Have you ever had somebody demand that you educate them about a personal struggle that you experience?

If your stance is that it’s a major, common problem and should be addressed, it’s not surprising that they would take an interest, and it makes no sense to be offended by that.

Secondly, here’s another article from the same website (the gift that keeps on giving in terms of feminist propaganda). It’s titled “Is it your responsibility to educate a person you’re dating on race and racism?”

No matter what, a partner shouldn’t rely on just you to always play the role of a social justice educator. You’re not on call to unpack systemic oppression for another person.

You shouldn’t have to educate your partner on issues of social justice all the time, especially as they pertain to your own lived experience. Giving love and support shouldn’t require “evidence” on why someone needs it.

When it comes to race, dating, and intimacy, I’m learning that it’s less about education and more about openness when it comes to listening and believing. Social justice is a collective process – and that should also apply to dating and partnerships.

In this instance, the “education” caper usually translates into motivating why you keep attacking this person and others, while demanding they shut up and listen at all times. By the way, bringing politics into one’s bedroom is usually detrimental.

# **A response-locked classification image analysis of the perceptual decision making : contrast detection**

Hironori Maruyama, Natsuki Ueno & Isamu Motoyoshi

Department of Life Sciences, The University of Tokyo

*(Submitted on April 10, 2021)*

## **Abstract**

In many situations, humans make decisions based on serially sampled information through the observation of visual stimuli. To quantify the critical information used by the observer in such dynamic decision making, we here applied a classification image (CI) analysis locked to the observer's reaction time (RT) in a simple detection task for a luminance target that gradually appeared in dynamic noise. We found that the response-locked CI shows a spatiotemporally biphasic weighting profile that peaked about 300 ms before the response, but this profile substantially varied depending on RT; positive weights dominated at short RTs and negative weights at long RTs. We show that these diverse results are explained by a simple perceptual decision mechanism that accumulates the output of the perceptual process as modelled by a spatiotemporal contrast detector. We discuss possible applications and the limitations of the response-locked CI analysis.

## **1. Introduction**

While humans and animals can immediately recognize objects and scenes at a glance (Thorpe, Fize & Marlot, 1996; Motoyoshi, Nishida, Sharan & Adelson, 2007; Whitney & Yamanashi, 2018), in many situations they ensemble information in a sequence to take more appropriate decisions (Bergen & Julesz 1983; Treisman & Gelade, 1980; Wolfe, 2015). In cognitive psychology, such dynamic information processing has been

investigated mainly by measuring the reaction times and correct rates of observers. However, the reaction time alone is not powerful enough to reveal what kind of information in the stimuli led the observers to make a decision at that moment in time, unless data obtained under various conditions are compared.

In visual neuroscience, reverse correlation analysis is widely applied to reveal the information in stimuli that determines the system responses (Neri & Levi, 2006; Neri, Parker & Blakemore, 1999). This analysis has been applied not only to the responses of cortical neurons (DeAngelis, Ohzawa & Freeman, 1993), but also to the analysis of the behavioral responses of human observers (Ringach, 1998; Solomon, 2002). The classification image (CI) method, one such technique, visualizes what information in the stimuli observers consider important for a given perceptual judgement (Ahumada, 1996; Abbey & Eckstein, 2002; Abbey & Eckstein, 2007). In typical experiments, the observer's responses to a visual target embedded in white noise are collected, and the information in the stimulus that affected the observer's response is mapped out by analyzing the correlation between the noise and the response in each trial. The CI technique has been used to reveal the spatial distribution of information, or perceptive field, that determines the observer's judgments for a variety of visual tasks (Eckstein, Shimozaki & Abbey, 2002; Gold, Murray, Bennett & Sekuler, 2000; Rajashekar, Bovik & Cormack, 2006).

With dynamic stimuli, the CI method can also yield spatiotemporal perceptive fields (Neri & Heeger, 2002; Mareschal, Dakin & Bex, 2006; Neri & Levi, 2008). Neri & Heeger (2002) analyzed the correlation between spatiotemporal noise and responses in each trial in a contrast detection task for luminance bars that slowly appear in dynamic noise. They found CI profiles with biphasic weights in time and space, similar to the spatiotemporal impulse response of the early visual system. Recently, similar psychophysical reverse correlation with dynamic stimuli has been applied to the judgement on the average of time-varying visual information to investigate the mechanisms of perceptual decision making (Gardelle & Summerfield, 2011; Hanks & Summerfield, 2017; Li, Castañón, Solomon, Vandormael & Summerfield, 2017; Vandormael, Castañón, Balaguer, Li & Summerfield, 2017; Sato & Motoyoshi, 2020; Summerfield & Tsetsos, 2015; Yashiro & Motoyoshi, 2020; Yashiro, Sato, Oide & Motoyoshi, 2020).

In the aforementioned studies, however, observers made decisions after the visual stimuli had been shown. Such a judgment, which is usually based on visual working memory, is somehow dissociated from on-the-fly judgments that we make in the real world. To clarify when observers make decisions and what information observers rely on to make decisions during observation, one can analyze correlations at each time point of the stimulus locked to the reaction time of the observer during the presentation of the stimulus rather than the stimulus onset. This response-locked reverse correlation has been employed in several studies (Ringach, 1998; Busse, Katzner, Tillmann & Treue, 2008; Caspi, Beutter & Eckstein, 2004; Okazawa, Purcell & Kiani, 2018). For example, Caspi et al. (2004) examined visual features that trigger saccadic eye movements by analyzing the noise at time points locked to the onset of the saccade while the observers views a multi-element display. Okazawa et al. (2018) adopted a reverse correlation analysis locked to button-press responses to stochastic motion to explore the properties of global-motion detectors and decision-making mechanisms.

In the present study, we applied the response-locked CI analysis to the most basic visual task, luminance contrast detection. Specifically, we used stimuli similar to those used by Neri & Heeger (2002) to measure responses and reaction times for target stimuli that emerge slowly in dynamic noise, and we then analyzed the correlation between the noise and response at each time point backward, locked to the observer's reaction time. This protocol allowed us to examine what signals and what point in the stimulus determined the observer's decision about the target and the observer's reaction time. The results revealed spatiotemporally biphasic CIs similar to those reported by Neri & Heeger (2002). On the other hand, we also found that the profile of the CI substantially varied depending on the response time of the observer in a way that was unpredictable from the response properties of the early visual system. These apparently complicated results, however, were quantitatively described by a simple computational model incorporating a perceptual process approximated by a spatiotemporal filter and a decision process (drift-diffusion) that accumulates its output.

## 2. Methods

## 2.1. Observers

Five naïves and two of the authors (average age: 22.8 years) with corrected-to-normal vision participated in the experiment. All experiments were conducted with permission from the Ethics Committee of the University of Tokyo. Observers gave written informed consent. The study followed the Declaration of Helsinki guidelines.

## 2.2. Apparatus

It’s not someone’s responsibility to be an on-demand resource or be forced to speak on behalf of “their” people.

The person referred to is obviously from a different background since they don’t share the same experience. Asking might just be their attempt to get to know you or what you have experienced. A cold refusal based on the fact that they should’ve “educated themselves” is not conducive to efficient communication, let alone warmth (which is presumed in a relationship).

It’s not always so much about educating one’s partner, but on how to communicate ways that person can be more affirming even if they don’t intellectually or experientially understand something.

In other words, pardon the acidity, turn this person into an emotional bidet and a parrot of one’s attitudes, at all times. That doesn’t work if they truly seek to understand you and share their honest observations regarding a situation you are describing. Your interpretation is not right by default; everyone is fallible.

Sure, all of these moments could be complete accidents – or they could be moments where implicit racism and sexism show up. (…) Sometimes he’ll wonder why I’m so frustrated.